Howell, T., King, T. and Bennett, P. (2015). Puppy parties and beyond: the role of early age socialization practices on adult dog behavior. Veterinary Medicine: Research and Reports, 6, pp.143-153.

Mariti, C., Carlone, B., Protti, M., Diverio, S., & Gazzano, A. (2018). Effects of petting before a brief separation from the owner on dog behavior and physiology: A pilot study. Journal of Veterinary Behavior, 27, 41–46. doi:10.1016/j.jveb.2018.07.003

Miklósi, Á. (2014). Dog behaviour, evolution, and cognition. Oxford: Oxford University press.

Overall, K. L. (2011). Caring for the brains of young pups. Veterinary Record, 169(18), 465–466. doi:10.1136/vr.d6899

Pierantoni, L., Albertini, M., & Pirrone, F. (2011). Prevalence of owner-reported behaviours in dogs separated from the litter at two different ages. Veterinary Record, 169(18), 468–468. doi:10.1136/vr.d4967

Shin, Y.-J., & Shin, N.-S. (2016). Evaluation of effects of olfactory and auditory stimulation on separation anxiety by salivary cortisol measurement in dogs. Journal of Veterinary Science, 17(2), 153. doi:10.4142/jvs.2016.17.2.153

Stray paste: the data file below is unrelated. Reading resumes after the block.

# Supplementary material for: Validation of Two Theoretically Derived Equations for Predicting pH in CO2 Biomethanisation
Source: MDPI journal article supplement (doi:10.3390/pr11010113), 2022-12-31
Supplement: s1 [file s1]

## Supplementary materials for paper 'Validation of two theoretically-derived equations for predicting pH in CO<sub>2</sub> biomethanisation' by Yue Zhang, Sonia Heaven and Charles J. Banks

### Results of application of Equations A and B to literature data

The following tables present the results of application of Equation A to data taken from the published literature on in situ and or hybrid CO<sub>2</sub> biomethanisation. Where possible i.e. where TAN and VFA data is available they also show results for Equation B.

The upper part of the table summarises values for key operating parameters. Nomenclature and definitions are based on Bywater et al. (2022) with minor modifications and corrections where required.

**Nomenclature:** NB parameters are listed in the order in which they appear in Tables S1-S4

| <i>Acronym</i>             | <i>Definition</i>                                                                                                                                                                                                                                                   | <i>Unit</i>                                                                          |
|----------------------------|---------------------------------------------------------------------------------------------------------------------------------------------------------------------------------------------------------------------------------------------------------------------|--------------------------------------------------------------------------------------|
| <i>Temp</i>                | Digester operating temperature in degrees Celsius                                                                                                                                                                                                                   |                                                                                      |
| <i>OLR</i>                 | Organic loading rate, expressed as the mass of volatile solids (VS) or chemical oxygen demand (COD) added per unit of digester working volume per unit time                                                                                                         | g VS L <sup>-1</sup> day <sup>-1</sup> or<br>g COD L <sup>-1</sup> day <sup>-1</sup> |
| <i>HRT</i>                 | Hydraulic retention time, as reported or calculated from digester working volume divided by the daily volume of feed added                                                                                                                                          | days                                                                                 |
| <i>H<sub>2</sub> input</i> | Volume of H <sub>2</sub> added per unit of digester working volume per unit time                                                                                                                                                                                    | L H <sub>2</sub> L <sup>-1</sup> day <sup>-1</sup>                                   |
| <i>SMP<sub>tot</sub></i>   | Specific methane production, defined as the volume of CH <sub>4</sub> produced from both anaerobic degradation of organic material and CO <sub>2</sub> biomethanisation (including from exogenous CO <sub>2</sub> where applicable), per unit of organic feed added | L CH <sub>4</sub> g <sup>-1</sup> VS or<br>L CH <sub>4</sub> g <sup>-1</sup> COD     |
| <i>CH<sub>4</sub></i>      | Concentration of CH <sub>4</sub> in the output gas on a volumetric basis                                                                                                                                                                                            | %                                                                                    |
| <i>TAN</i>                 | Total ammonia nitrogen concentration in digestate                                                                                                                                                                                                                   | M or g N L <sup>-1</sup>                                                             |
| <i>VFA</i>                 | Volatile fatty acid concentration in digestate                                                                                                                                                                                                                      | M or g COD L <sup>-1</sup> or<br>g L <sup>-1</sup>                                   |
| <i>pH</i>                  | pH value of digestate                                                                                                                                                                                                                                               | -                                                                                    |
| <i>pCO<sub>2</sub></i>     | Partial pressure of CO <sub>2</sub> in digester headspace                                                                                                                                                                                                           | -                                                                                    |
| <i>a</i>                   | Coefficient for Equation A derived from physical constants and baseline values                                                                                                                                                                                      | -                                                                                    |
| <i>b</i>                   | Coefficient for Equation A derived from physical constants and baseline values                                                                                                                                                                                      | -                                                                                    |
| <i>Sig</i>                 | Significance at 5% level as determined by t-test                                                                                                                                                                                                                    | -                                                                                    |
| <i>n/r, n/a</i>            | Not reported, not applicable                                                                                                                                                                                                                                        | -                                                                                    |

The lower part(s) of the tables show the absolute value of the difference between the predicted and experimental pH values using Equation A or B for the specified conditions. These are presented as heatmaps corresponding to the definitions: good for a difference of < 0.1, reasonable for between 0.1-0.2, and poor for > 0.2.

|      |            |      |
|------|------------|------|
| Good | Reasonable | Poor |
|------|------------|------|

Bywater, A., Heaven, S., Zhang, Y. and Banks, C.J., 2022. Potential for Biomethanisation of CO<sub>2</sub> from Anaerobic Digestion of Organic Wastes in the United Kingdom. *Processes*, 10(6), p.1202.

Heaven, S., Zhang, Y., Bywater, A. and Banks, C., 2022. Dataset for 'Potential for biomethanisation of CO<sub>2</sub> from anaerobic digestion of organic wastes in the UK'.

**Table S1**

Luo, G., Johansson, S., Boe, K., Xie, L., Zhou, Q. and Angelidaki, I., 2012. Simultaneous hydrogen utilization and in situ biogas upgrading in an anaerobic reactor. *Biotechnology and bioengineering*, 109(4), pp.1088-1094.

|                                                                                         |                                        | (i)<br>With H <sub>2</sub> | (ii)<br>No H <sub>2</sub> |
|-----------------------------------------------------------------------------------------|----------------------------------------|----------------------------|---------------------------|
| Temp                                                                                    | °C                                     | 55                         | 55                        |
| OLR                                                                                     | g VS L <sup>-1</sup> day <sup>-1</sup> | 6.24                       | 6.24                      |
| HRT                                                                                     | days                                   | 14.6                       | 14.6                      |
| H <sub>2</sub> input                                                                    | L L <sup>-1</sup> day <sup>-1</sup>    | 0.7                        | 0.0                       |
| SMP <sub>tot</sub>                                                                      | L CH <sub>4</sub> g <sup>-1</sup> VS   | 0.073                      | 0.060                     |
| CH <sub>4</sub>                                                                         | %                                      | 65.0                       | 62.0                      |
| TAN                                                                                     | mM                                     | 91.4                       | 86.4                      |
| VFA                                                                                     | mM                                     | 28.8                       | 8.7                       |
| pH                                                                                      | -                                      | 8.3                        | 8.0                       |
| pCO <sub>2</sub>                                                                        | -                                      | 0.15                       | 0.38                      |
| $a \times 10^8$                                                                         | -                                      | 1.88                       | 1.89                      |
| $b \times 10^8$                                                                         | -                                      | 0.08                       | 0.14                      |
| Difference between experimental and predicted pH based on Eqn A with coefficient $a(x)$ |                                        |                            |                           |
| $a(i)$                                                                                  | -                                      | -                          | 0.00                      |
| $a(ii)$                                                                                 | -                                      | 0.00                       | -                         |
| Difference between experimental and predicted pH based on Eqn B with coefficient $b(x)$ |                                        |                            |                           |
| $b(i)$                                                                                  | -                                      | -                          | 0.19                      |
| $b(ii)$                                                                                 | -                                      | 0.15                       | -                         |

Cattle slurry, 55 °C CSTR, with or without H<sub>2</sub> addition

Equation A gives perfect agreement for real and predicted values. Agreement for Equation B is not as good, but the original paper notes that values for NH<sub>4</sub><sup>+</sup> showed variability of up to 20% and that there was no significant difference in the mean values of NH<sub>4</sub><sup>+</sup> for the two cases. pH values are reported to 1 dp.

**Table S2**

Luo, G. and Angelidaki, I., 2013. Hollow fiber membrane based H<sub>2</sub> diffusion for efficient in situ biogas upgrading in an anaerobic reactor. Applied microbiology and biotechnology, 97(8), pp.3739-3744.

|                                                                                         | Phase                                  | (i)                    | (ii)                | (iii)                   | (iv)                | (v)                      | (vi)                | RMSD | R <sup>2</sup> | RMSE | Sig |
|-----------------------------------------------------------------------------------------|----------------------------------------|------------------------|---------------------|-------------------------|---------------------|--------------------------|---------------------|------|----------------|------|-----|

Storengen, L. M., Boge, S. C. K., Strøm, S. J., Løberg, G. & Lingaas, F. (2014). A descriptive study of 215 dogs diagnosed with separation anxiety. Applied Animal Behaviour Science 159, 82–89.

Thielke, L. E., & Udell, M. A. R. (2015). The role of oxytocin in relationships between dogs and humans and potential applications for the treatment of separation anxiety in dogs. Biological Reviews, 92(1), 378–388. doi:10.1111/brv.12235

Tiira, K., & Lohi, H. (2015). Early life experiences and exercise associate with canine anxieties. PloS one, 10(11), e0141907.

Wormald, D., Lawrence, A. J., Carter, G., & Fisher, A. D. (2016). Analysis of correlations between early social exposure and reported aggression in the dog. Journal of Veterinary Behavior: Clinical Applications and Research, 15, 31–36. doi:10.1016/j.jveb.2016.08.071